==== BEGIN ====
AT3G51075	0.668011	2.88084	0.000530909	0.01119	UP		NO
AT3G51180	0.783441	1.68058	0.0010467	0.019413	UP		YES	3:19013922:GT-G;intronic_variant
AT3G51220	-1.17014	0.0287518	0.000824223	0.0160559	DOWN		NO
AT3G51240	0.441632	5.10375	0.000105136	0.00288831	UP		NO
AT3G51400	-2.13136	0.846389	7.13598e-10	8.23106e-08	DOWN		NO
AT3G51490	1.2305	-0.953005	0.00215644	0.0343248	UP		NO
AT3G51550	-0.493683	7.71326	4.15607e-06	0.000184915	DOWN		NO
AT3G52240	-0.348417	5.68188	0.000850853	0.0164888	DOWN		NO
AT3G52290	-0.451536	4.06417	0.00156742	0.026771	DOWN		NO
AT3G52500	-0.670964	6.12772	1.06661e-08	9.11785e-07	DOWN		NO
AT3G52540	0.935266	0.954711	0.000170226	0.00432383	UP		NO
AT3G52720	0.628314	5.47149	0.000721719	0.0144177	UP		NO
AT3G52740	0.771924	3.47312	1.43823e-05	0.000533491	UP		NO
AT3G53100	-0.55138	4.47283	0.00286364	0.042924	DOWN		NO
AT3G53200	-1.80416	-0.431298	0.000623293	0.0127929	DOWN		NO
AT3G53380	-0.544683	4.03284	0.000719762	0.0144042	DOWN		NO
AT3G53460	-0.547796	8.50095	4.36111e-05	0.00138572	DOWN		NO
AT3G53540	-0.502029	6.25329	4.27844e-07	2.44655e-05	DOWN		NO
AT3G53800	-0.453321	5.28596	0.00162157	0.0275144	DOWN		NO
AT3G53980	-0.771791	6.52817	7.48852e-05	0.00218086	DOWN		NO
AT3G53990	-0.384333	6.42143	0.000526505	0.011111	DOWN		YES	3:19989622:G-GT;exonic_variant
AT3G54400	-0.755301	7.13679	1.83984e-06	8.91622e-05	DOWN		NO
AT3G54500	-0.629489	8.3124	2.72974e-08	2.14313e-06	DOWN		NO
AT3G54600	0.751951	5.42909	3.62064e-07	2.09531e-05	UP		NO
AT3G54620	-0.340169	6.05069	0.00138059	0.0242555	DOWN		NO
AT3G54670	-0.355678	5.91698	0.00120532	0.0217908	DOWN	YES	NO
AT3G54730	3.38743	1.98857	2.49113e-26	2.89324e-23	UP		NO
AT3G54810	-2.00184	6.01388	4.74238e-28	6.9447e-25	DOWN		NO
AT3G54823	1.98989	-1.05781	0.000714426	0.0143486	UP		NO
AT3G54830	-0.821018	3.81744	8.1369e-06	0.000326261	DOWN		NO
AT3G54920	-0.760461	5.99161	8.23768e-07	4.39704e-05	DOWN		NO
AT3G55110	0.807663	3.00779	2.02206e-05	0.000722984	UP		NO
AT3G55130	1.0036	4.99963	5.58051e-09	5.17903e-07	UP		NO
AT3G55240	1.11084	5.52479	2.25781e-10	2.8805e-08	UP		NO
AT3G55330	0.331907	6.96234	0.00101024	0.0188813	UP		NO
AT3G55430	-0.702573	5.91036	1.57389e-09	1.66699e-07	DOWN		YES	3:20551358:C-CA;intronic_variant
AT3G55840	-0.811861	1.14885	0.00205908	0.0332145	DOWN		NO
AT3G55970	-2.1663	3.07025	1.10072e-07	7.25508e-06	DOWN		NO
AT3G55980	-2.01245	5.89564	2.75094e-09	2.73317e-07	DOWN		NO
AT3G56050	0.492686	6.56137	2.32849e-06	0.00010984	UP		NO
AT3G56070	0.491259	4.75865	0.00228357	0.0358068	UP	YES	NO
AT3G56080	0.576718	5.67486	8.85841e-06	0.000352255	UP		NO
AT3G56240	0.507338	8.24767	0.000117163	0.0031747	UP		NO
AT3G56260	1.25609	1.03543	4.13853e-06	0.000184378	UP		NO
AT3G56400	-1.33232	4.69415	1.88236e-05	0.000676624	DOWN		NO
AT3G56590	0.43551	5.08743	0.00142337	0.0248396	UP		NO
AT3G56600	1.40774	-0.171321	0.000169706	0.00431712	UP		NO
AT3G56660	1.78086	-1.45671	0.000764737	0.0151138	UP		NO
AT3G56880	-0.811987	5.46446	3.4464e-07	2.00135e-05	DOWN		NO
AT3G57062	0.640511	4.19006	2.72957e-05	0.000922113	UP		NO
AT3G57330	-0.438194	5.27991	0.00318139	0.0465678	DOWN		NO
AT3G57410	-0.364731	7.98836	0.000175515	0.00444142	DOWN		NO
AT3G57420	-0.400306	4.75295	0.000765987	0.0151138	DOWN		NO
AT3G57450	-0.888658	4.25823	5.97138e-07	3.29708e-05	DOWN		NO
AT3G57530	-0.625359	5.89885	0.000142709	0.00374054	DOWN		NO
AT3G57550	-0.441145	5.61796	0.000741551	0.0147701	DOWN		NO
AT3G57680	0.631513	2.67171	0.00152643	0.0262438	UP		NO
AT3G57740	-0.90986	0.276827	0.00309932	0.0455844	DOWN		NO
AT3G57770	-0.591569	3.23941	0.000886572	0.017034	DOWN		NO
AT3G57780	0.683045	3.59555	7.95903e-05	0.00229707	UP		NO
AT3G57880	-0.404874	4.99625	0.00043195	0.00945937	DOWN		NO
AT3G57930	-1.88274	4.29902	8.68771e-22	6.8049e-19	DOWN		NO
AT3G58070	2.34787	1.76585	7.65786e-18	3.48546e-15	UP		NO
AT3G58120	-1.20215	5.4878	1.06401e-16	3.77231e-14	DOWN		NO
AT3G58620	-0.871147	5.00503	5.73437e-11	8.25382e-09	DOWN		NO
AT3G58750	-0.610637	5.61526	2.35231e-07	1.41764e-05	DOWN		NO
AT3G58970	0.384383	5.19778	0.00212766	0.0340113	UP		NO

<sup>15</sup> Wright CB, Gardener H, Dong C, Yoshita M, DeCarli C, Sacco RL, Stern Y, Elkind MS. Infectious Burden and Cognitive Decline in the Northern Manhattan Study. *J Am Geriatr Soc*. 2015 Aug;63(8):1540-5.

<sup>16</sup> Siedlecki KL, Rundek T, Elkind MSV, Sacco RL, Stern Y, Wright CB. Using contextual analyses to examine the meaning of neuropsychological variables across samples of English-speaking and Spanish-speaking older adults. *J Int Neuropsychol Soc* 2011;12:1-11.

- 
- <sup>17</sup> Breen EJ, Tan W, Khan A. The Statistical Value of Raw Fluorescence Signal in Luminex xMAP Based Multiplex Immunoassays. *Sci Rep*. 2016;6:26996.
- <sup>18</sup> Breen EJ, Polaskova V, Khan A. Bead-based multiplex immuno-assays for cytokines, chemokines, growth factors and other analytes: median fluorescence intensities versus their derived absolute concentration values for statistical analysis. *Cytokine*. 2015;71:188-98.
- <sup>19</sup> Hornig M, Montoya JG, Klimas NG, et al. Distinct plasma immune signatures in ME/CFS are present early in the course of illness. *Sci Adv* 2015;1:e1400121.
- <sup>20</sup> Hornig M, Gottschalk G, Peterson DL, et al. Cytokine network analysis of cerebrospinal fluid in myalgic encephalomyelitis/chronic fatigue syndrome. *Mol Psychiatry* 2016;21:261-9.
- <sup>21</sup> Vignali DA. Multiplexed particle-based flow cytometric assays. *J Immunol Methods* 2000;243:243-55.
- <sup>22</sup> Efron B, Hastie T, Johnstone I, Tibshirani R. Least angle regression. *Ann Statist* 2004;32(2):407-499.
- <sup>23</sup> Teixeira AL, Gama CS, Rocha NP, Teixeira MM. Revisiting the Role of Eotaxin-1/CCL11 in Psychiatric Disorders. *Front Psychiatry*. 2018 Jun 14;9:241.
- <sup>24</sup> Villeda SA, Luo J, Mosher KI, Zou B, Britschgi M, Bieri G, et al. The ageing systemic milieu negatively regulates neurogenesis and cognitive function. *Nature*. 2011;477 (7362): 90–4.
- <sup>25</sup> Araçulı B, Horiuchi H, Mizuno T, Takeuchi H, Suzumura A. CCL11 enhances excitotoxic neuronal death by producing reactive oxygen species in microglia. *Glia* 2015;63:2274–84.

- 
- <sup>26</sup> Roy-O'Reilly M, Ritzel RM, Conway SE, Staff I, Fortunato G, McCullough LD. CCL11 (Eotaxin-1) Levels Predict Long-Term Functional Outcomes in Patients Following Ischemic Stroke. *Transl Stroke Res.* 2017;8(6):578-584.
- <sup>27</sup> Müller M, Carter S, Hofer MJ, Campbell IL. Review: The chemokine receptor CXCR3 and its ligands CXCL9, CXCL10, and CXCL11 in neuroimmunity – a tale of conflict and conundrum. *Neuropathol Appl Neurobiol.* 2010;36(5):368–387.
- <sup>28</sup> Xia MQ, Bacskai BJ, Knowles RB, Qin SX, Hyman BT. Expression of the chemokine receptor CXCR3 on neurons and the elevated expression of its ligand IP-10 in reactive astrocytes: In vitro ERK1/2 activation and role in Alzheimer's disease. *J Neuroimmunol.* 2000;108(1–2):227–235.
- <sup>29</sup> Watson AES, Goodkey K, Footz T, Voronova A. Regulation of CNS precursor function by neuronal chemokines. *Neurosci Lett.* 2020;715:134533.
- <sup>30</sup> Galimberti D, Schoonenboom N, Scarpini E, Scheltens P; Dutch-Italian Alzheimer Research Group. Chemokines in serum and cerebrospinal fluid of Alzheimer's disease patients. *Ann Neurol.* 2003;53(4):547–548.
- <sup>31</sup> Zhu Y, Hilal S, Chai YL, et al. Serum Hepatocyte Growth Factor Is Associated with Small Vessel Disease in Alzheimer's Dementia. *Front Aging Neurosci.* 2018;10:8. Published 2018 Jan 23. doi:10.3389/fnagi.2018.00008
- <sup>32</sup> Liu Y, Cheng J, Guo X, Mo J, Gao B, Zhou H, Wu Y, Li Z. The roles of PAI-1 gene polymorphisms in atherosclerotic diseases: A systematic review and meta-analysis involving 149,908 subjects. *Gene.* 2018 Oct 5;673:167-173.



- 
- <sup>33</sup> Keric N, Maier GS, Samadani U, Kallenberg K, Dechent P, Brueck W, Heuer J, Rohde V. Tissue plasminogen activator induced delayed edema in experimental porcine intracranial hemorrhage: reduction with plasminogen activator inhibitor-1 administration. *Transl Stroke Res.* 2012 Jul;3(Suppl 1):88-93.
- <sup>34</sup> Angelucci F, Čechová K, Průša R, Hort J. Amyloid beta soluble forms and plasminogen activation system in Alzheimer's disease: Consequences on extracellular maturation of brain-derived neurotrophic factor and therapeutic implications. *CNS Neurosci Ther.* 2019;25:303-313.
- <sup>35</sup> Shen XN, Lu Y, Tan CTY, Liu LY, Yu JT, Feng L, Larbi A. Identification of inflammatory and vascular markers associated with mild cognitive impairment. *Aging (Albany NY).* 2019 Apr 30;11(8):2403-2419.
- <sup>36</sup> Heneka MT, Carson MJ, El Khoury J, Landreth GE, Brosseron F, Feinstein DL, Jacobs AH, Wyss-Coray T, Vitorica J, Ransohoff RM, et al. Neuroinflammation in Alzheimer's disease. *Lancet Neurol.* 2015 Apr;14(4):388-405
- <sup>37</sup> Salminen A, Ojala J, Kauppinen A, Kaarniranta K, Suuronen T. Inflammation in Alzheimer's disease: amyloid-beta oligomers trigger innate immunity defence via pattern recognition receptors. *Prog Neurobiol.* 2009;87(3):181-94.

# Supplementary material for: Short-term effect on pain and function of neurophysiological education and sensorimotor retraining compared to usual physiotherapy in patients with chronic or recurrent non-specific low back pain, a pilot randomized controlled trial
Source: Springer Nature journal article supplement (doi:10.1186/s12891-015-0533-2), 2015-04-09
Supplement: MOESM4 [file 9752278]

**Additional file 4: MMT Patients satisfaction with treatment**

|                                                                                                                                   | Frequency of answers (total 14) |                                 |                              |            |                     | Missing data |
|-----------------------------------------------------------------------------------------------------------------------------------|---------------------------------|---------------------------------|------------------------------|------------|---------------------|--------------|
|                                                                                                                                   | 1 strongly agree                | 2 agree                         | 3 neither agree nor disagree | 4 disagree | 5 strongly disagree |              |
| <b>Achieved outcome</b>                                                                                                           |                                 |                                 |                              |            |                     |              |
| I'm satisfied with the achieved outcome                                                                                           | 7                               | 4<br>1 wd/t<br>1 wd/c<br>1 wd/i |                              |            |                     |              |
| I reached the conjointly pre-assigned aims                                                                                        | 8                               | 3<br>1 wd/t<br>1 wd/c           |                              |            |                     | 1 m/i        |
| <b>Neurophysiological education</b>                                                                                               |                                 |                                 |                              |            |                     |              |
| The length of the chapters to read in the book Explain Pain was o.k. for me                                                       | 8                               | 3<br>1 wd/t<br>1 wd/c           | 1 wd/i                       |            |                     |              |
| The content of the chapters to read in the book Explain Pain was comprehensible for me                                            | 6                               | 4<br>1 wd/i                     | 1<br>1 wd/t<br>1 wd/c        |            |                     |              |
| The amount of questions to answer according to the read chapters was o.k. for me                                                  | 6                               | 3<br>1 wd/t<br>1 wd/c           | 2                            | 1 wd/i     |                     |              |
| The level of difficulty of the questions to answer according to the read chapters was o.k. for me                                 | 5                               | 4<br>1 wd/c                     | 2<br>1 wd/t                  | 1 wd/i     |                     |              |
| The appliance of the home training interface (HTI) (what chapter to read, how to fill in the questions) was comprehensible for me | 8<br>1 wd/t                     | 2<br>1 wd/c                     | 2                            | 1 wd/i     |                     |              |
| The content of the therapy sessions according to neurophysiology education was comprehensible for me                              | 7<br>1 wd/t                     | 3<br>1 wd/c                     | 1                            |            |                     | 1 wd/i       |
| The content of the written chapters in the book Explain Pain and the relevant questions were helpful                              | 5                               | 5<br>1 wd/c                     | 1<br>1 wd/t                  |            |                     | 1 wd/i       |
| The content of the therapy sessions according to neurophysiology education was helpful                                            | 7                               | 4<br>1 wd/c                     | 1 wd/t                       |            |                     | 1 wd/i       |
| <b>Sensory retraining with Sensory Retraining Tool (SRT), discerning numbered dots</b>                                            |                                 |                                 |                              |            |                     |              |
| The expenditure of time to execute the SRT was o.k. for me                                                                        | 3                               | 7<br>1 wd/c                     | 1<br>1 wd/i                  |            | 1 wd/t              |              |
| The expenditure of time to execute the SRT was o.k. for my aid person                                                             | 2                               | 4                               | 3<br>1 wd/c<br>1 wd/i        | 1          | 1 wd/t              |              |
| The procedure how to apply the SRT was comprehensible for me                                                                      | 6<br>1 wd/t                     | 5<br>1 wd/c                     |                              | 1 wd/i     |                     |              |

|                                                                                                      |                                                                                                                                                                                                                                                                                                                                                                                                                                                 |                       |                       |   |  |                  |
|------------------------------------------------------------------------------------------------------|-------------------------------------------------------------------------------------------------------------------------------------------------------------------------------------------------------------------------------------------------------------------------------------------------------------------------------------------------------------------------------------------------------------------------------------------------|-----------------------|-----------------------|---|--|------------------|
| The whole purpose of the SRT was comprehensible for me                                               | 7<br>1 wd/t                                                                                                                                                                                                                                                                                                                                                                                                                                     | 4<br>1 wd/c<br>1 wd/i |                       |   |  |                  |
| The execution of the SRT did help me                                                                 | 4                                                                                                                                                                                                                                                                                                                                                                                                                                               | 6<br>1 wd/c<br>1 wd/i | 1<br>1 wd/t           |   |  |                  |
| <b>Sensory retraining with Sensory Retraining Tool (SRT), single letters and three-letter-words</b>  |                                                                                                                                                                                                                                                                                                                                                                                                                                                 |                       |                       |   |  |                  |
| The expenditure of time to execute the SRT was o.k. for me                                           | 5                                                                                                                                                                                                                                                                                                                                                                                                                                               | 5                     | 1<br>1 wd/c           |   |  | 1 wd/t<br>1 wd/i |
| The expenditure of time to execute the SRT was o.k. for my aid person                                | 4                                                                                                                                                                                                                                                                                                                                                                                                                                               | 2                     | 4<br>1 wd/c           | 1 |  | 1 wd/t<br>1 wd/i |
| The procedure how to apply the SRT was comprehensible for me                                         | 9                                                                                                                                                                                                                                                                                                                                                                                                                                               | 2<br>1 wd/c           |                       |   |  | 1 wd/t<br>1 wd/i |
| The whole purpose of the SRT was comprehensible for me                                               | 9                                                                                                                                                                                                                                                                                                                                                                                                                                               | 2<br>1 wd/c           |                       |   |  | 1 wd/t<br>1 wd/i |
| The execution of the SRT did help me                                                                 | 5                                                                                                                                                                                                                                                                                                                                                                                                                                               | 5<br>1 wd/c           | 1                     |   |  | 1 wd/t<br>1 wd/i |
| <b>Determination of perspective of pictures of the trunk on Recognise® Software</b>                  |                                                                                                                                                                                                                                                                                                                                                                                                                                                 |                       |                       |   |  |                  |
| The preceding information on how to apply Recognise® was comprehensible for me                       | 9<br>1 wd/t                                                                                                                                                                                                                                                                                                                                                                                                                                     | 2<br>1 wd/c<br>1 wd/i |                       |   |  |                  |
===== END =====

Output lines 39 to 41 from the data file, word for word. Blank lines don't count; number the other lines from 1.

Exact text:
AT3G55980	-2.01245	5.89564	2.75094e-09	2.73317e-07	DOWN		NO
AT3G56050	0.492686	6.56137	2.32849e-06	0.00010984	UP		NO
AT3G56070	0.491259	4.75865	0.00228357	0.0358068	UP	YES	NO